beautiful young female psychologist doctor using mobile digital tablet recording all information from her patient talking.Shutterstock
Once you’ve talked and covered the basics of why you’re seeking therapy, you can ask your therapist about their treatment plan, as well as any goals they have for your visits.
“This is crucial to any therapy session as it provides direction,” Kristine Erskine, a therapist with Freedom Counseling, tells Bustle. “It helps you and your therapist to be on the same page regarding what you want out of therapy.”
And these goals are something you can come up with together. “Once one goal has been achieved, you can move on to the next one,” Erskine says. “Additionally, your goals can change if needed throughout the counseling process.”
“Can You Help Me Create Some Goals?”
It’s also OK if you don’t have any goals, or aren’t sure what needs to happen next. That’s where this question can come in handy.
“If you’re having trouble figuring out what your goals are — which can happen if you’re feeling overall crummy and know you just want to feel better — ask your therapist for guidance on how to articulate them,” Victoria Fisher, LMSW, psychotherapist and licensed clinical social worker, tells Bustle.
These can be goals you work on over time. Simply knowing you have them, and that you’re taking small steps in that direction, can be incredibly helpful.
“Can You Recap What We Talked About?”
Unhappy young woman at a psychologist counselor reception. Client talking about problems. Problems in family, teenage troubles. Conversation with therapist, advice, assistance conceptShutterstock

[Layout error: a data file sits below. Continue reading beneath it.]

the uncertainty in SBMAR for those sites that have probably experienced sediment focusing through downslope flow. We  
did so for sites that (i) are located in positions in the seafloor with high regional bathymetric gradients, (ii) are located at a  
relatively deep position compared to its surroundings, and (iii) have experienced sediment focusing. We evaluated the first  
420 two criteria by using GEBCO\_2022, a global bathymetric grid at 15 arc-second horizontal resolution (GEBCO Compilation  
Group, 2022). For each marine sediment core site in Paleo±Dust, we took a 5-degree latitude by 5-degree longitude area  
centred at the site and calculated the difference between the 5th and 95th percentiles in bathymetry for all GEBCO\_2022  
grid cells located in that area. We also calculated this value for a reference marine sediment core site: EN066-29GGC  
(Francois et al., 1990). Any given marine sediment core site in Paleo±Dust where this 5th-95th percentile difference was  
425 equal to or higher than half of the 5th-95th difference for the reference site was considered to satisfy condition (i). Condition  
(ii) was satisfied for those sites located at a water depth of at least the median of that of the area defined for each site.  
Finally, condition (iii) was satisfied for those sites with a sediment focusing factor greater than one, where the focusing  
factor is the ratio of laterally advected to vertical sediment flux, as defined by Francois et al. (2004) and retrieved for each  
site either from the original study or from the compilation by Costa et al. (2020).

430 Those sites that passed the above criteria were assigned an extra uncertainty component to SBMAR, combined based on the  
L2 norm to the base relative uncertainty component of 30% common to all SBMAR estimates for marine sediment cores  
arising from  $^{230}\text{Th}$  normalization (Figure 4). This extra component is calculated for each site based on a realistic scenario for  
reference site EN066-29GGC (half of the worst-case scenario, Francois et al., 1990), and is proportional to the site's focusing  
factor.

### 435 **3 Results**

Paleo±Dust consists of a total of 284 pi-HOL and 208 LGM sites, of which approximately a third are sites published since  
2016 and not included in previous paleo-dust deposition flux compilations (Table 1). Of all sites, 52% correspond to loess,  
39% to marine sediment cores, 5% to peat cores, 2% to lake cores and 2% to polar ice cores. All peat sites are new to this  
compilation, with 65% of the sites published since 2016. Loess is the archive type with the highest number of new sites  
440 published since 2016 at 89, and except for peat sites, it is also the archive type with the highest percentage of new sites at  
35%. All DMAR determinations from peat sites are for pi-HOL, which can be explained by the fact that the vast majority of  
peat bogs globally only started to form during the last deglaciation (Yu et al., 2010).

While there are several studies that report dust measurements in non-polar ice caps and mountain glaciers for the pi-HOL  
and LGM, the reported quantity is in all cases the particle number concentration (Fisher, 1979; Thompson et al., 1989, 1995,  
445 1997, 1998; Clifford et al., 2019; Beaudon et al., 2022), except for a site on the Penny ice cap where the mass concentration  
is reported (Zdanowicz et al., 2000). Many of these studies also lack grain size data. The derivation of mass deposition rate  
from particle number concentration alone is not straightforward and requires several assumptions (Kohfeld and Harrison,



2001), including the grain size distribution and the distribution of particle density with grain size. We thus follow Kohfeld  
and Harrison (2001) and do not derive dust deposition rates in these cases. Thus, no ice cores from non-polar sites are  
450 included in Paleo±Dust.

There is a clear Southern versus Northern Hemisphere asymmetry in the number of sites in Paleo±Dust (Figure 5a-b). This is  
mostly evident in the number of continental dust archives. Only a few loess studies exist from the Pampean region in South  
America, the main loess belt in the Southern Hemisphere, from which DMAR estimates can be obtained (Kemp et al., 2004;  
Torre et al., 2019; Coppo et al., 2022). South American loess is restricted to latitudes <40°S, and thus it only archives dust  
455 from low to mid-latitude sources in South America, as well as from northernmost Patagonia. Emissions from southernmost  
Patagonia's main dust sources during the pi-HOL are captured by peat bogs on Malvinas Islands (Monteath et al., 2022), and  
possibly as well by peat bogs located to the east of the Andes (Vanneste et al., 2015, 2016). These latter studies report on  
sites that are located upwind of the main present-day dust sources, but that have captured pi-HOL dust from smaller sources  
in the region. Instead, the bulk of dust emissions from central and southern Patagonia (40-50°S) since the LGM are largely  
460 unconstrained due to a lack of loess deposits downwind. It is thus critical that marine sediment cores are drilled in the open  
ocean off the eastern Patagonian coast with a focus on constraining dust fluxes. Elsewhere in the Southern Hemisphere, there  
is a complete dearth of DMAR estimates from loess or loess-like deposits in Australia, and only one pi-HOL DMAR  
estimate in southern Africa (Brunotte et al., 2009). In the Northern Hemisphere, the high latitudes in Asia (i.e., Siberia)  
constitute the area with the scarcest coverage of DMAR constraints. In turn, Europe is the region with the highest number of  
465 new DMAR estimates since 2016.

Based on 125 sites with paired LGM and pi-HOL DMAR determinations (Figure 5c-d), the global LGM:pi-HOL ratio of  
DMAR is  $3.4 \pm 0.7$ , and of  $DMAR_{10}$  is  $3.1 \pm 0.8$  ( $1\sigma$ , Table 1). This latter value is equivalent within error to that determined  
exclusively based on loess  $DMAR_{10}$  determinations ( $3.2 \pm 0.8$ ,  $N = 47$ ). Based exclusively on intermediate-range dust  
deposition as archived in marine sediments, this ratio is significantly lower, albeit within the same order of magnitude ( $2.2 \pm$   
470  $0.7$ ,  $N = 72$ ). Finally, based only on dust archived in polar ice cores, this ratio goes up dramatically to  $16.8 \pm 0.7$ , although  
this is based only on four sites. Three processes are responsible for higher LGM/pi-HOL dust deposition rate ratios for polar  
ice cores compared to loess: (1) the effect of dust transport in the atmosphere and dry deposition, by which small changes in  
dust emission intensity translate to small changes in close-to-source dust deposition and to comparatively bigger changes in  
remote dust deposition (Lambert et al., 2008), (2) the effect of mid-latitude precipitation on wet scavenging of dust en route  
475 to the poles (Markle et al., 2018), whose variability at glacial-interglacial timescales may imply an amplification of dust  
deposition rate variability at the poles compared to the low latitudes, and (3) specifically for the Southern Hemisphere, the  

Since you and your therapist will probably cover a lot of topics during each session, it can help to ask for a quick recap before you leave so that you can remember the key points.
“Ask for reminder on a card or paper about what you discussed during the session or take your own notes in a notebook or on your phone,” Erskine says. “This will help you reflect during the week about what you discussed and remember to practice specific skills that your therapist and you decided upon for the week.”
“What Should I Work On This Week?”
Similarly, you might want to ask for homework or assignments to work on throughout the week, whether it’s “a book to read, or just some general introspection to engage in,” Nicole Miller, MS, LAPC, NCC, a licensed mental health counselor, tells Bustle. “Asking for homework outside of the office can help you to increase your knowledge […] as well as also be a catalyst to increasing the rate of change.”